OP023. Optimising post-operative Crohn's disease management: Best drug therapy alone versus endoscopic monitoring, disease evolution, and faecal calprotectin monitoring. The POCER study
M.A. Kamm, P.P. De Cruz, E.K. Wright, A.L. Hamilton, K.J. Ritchie, E.O. Krejany, A. Gorelik, D. Liew, L. Prideaux, I.C. Lawrance, J.M. Andrews, P.A. Bampton, S.L. Jakobovits, T.H. Florin, P.R. Gibson, H.S. Debinski, A.S. Day, R.B. Gearry, F.A. Macrae, D. Samuel, R.W. Leong, I.J. Kronborg, G.L. Radford-Smith, W.S. Selby, M.J. Johnson, R.J. Woods, P.R. Elliott, S.J. Bell, S.J. Brown, W.R. Connell, P.V. Desmond, St Vincent's Hospital & University of Melbourne, Gastroenterology, Melbourne, Australia
Disease recurs in most Crohn's disease patients after intestinal resection, with endoscopic recurrence preceding clinical recurrence. We investigated (i) whether early endoscopic monitoring with treatment step-up for endoscopic recurrence is superior to standard drug therapy alone; (ii) disease evolution under optimal drug therapy - is it possible to regain remission after endoscopic recurrence and is ongoing monitoring needed after early remission? (iii) whether faecal calprotectin (FC) can substitute for endoscopic monitoring.
This IIS Post-Operative Crohn's Endoscopic Recurrence (POCER) treat-to-target study aimed for mucosal healing. All patients received 3 months metronidazole. High risk patients (smoker, perforating disease, ≥2nd operation) also received daily thiopurine, or adalimumab if thiopurine intolerant. Patients were randomised 2:1 to colonoscopy at 6 months (“active care”) or no colonoscopy (“standard care”). Endoscopic remission was defined as Rutgeerts score i0 or i1 and recurrence as ≥i2. For endoscopic recurrence at 6 months low risk patients stepped up to thiopurine, high risk patients stepped up to adalimumab fortnightly, and high risk thiopurine-intolerant patients stepped up to weekly adalimumab. All patients were colonoscoped at 18 months, scored centrally blind to treatment, with primary end-point endoscopic recurrence at 18 months. FC (319 samples) CRP and CDAI were measured pre-operatively, and at 6, 12, & 18 months.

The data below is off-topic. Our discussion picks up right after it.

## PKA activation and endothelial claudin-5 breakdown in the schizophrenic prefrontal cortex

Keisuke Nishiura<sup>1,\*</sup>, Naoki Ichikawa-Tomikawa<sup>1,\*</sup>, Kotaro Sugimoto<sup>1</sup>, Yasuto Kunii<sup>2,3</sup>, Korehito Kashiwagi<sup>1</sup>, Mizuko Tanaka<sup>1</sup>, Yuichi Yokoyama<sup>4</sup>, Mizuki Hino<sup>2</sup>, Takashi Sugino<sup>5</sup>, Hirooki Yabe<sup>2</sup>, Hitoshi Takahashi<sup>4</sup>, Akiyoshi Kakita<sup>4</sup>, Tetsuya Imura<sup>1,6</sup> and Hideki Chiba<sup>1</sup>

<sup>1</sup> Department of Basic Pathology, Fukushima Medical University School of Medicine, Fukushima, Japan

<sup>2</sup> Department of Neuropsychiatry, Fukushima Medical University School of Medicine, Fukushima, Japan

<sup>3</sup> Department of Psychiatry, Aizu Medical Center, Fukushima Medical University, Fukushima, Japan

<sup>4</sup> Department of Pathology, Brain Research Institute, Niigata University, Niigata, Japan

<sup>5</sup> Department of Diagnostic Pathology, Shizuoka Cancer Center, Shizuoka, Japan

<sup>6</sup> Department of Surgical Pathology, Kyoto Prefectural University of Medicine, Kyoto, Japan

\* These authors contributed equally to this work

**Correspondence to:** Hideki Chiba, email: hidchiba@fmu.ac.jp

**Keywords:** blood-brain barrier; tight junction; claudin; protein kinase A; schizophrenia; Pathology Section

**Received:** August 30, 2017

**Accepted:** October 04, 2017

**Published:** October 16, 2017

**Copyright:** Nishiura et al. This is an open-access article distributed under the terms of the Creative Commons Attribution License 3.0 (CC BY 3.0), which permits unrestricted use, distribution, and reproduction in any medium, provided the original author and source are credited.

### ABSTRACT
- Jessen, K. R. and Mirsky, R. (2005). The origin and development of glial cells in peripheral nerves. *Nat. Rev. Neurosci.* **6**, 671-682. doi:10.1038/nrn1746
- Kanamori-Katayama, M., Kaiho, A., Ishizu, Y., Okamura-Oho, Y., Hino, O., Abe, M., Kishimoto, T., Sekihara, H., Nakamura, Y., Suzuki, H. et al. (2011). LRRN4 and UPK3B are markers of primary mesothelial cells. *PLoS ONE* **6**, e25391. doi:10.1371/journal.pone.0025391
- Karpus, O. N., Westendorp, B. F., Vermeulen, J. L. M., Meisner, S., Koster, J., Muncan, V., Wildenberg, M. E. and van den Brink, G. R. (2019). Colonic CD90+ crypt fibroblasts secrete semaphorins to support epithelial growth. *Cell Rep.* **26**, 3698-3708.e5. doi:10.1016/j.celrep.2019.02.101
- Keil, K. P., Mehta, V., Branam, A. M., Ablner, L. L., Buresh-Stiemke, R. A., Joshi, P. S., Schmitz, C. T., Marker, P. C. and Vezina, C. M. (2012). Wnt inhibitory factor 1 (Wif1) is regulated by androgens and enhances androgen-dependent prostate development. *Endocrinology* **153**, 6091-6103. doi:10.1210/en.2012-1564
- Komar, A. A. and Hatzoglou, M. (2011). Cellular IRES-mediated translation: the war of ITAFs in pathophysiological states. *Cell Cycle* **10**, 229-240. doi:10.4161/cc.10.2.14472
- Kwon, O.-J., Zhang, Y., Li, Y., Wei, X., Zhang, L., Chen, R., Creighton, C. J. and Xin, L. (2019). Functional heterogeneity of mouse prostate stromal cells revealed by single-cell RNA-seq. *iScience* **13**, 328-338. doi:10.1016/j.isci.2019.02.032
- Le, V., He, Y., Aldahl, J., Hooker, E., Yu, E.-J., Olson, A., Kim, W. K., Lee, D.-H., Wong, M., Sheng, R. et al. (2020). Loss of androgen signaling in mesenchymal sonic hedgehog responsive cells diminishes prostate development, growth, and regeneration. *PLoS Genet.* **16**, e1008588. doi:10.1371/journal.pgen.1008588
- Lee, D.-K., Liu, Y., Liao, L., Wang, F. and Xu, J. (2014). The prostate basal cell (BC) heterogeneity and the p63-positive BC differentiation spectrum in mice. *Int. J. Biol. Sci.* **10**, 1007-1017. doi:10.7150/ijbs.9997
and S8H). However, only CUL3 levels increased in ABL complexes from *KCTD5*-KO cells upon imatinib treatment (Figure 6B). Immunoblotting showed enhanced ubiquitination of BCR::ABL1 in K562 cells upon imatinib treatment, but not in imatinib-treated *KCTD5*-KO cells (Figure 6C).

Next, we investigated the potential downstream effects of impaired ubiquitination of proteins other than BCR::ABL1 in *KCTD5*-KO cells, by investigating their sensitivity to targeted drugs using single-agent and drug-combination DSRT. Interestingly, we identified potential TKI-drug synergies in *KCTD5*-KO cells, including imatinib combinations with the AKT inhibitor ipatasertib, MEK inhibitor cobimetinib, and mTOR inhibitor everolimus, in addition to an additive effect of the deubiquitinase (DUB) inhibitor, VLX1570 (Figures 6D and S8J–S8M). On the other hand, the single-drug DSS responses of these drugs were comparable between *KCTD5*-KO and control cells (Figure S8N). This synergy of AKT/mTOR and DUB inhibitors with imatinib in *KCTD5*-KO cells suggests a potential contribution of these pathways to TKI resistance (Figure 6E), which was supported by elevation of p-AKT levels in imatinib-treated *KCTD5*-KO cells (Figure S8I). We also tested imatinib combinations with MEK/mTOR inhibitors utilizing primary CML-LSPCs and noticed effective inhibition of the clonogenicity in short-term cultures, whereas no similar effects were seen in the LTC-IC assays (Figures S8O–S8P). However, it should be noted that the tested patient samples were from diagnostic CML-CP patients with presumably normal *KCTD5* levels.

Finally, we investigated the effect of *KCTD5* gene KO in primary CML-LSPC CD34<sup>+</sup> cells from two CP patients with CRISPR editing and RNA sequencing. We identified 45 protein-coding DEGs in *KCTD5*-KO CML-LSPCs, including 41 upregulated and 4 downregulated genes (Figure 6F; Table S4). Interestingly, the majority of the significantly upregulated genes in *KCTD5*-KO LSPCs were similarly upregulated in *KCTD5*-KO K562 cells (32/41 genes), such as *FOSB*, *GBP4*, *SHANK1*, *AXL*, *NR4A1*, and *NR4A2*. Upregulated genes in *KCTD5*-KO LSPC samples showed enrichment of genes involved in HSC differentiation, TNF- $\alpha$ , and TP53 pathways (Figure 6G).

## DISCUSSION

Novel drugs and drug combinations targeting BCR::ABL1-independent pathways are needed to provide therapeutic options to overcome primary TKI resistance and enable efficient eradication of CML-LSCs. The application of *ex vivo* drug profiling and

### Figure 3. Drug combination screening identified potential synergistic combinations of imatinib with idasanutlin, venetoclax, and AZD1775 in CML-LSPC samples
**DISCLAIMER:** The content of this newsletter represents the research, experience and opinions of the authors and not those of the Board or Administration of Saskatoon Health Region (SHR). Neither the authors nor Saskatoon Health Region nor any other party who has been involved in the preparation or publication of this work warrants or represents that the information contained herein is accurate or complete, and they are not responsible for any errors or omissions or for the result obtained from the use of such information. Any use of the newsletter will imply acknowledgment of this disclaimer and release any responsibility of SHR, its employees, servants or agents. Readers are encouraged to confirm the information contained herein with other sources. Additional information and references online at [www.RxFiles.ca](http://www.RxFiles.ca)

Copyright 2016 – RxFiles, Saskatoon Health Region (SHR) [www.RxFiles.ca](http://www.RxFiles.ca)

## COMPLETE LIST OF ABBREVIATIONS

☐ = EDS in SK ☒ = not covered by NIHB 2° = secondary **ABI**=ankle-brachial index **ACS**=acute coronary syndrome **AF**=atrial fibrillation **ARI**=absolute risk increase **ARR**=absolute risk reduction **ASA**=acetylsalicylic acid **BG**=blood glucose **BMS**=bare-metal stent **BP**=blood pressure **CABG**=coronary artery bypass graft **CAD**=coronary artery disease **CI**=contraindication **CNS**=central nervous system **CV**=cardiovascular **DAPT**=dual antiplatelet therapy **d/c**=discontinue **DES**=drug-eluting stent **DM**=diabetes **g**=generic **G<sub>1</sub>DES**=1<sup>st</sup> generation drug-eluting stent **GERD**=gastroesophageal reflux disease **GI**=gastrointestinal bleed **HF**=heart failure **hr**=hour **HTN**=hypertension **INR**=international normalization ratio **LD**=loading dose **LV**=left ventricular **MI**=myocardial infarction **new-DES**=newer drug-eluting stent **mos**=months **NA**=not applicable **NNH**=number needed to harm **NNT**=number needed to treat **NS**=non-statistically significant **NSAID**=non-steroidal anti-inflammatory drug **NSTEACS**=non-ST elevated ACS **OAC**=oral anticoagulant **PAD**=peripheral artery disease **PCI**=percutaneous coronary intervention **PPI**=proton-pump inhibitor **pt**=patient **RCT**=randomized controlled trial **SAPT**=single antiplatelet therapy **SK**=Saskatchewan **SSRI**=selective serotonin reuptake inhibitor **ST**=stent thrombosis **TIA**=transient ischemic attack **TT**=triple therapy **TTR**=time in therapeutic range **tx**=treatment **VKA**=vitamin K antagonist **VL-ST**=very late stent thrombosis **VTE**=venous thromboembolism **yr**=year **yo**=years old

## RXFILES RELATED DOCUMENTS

174 patients (83% high risk) in 21 hospitals enrolled. Of 122 active care patients 39% underwent 6 month treatment step-up. 18 months endoscopic recurrence occurred in 49% active care v 67% standard care patients (P = 0.028). Step up at 6 months brought 38% of patients with endoscopic recurrence into remission 1 year later; conversely endoscopic disease recurred 1 year later in 41% of patients who were in remission at 6 months. FC correlated with endoscopic recurrence (r = 0.42, p < 0.001) and score (r = 0.44, p < 0.001); CRP and CDAI did not. FC >100mcg/g indicated endoscopic recurrence with a sensitivity 0.89 and NPV 91%, potentially allowing avoidance of colonoscopy in 41% of patients.
Treating according to risk of recurrence, with early colonoscopy and treatment step-up for recurrence, is superior to optimal drug therapy alone in preventing post-op disease recurrence. Selective immunosuppression, with colonoscopy-based adjustment, rather than its use in all high risk patients, leads to effective disease control in a majority. Early endoscopic remission requires ongoing monitoring. FC can be used to monitor for recurrence and is superior to CRP and CDAI.